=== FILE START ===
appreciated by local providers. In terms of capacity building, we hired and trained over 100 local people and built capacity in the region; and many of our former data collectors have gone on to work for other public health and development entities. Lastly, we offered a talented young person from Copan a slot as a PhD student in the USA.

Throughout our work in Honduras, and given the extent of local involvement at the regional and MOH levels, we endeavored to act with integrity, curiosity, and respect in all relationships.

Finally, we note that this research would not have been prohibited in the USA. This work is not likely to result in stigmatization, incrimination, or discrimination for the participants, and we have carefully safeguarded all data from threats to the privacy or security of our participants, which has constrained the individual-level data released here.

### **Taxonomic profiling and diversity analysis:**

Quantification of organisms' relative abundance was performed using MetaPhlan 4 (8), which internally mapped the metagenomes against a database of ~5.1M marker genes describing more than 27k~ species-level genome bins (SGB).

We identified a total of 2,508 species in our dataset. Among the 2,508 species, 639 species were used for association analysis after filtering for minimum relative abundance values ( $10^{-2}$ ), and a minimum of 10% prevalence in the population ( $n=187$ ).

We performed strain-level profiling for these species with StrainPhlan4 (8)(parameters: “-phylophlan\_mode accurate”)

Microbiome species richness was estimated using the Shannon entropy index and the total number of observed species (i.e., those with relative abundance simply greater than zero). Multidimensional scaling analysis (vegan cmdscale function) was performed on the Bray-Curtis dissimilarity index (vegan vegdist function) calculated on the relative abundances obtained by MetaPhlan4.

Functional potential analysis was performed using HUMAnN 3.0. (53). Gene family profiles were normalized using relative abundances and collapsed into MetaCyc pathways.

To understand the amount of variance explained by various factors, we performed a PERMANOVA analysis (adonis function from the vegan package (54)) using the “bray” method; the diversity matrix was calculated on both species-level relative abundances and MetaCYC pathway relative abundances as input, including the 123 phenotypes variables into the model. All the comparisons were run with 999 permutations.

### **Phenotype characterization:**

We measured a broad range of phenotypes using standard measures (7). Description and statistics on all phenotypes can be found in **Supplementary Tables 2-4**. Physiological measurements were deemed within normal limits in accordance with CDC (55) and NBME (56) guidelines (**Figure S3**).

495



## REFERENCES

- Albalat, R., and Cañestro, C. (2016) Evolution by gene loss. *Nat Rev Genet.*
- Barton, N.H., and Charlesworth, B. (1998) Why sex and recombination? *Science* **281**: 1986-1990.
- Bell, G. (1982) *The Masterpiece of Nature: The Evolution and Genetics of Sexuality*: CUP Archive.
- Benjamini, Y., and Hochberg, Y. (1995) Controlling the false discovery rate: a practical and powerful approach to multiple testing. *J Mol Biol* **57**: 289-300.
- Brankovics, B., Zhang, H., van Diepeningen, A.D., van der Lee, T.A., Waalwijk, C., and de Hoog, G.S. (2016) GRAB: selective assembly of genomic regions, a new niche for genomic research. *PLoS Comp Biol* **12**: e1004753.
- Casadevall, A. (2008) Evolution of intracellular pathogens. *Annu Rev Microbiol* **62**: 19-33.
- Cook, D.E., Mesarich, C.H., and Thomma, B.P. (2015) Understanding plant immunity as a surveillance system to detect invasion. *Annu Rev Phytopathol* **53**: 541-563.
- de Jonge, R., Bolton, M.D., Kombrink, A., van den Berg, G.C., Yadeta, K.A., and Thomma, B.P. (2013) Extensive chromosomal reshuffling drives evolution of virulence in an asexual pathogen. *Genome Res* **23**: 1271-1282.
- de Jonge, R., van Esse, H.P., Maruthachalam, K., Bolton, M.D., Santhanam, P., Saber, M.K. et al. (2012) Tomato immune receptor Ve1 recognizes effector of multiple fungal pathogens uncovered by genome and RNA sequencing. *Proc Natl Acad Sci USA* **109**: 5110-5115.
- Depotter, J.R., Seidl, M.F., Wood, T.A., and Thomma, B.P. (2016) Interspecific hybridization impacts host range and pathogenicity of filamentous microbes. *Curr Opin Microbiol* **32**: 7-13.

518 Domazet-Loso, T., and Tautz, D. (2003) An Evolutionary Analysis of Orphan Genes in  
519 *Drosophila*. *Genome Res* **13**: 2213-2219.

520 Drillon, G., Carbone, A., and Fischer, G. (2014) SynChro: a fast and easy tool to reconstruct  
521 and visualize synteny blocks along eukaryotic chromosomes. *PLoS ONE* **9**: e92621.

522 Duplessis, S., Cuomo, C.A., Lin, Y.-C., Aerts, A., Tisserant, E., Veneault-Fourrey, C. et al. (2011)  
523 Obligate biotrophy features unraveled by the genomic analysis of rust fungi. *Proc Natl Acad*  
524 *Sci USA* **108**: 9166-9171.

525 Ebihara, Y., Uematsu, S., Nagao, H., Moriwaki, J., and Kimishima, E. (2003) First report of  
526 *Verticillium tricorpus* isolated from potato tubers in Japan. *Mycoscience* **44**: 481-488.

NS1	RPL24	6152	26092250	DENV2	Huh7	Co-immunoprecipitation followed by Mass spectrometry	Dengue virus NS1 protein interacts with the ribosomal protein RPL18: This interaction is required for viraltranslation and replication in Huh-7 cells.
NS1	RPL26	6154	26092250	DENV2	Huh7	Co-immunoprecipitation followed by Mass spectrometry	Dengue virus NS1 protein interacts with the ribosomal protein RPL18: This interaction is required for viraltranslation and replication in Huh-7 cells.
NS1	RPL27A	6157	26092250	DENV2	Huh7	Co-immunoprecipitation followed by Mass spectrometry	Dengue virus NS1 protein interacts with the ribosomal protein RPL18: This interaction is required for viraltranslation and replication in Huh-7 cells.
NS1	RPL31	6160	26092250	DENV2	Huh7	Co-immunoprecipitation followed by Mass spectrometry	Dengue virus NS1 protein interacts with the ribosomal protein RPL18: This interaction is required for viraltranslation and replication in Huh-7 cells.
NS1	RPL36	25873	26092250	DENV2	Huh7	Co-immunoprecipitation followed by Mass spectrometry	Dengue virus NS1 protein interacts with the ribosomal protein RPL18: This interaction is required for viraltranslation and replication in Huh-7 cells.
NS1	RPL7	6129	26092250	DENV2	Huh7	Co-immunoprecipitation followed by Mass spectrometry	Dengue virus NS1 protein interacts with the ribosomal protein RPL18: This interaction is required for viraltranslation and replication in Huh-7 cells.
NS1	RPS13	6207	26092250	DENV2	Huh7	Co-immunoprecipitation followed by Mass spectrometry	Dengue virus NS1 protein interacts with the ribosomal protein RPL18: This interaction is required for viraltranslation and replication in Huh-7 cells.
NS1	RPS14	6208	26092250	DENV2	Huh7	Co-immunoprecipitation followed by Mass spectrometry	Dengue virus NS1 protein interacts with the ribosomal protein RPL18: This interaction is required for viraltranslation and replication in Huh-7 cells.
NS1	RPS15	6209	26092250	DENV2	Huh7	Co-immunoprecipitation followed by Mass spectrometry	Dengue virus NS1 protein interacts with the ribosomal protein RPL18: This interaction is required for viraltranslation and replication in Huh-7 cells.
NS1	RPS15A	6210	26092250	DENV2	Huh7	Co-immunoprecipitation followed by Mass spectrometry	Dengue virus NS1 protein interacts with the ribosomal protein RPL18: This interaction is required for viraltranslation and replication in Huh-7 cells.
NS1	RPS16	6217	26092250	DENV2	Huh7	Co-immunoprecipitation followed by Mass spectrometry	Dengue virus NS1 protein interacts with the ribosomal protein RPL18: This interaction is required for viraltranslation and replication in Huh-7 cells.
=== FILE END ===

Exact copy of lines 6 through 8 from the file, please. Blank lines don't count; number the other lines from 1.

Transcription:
We identified a total of 2,508 species in our dataset. Among the 2,508 species, 639 species were used for association analysis after filtering for minimum relative abundance values ( $10^{-2}$ ), and a minimum of 10% prevalence in the population ( $n=187$ ).

We performed strain-level profiling for these species with StrainPhlan4 (8)(parameters: “-phylophlan\_mode accurate”)

Microbiome species richness was estimated using the Shannon entropy index and the total number of observed species (i.e., those with relative abundance simply greater than zero). Multidimensional scaling analysis (vegan cmdscale function) was performed on the Bray-Curtis dissimilarity index (vegan vegdist function) calculated on the relative abundances obtained by MetaPhlan4.